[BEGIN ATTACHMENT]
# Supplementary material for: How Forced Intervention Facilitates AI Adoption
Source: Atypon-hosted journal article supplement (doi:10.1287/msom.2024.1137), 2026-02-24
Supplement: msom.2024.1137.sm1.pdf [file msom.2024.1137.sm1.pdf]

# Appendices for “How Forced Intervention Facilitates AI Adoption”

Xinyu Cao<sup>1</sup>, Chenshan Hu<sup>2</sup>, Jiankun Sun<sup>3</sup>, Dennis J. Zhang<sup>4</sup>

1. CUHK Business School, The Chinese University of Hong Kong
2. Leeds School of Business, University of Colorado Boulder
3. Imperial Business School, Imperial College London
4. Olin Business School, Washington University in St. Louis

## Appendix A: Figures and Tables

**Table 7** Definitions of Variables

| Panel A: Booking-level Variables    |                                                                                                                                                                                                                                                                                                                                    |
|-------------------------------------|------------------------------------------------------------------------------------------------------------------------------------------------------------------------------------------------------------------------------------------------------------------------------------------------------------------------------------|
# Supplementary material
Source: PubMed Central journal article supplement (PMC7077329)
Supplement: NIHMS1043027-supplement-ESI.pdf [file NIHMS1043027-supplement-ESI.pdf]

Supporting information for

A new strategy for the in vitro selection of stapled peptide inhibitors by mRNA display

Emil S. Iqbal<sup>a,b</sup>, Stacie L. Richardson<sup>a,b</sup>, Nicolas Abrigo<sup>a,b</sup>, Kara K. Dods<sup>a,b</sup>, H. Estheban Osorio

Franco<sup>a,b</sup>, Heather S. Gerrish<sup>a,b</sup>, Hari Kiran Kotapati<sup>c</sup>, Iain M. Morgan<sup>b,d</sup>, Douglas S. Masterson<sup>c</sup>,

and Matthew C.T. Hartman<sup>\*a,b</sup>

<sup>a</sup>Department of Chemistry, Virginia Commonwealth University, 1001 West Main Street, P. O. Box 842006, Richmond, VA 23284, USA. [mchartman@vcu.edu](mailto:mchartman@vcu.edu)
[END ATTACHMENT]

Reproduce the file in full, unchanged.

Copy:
# Supplementary material for: How Forced Intervention Facilitates AI Adoption
Source: Atypon-hosted journal article supplement (doi:10.1287/msom.2024.1137), 2026-02-24
Supplement: msom.2024.1137.sm1.pdf [file msom.2024.1137.sm1.pdf]

# Appendices for “How Forced Intervention Facilitates AI Adoption”

Xinyu Cao<sup>1</sup>, Chenshan Hu<sup>2</sup>, Jiankun Sun<sup>3</sup>, Dennis J. Zhang<sup>4</sup>

1. CUHK Business School, The Chinese University of Hong Kong
2. Leeds School of Business, University of Colorado Boulder
3. Imperial Business School, Imperial College London
4. Olin Business School, Washington University in St. Louis

## Appendix A: Figures and Tables

**Table 7** Definitions of Variables

| Panel A: Booking-level Variables    |                                                                                                                                                                                                                                                                                                                                    |
|-------------------------------------|------------------------------------------------------------------------------------------------------------------------------------------------------------------------------------------------------------------------------------------------------------------------------------------------------------------------------------|
# Supplementary material
Source: PubMed Central journal article supplement (PMC7077329)
Supplement: NIHMS1043027-supplement-ESI.pdf [file NIHMS1043027-supplement-ESI.pdf]

Supporting information for

A new strategy for the in vitro selection of stapled peptide inhibitors by mRNA display

Emil S. Iqbal<sup>a,b</sup>, Stacie L. Richardson<sup>a,b</sup>, Nicolas Abrigo<sup>a,b</sup>, Kara K. Dods<sup>a,b</sup>, H. Estheban Osorio

Franco<sup>a,b</sup>, Heather S. Gerrish<sup>a,b</sup>, Hari Kiran Kotapati<sup>c</sup>, Iain M. Morgan<sup>b,d</sup>, Douglas S. Masterson<sup>c</sup>,

and Matthew C.T. Hartman<sup>\*a,b</sup>

<sup>a</sup>Department of Chemistry, Virginia Commonwealth University, 1001 West Main Street, P. O. Box 842006, Richmond, VA 23284, USA. [mchartman@vcu.edu](mailto:mchartman@vcu.edu)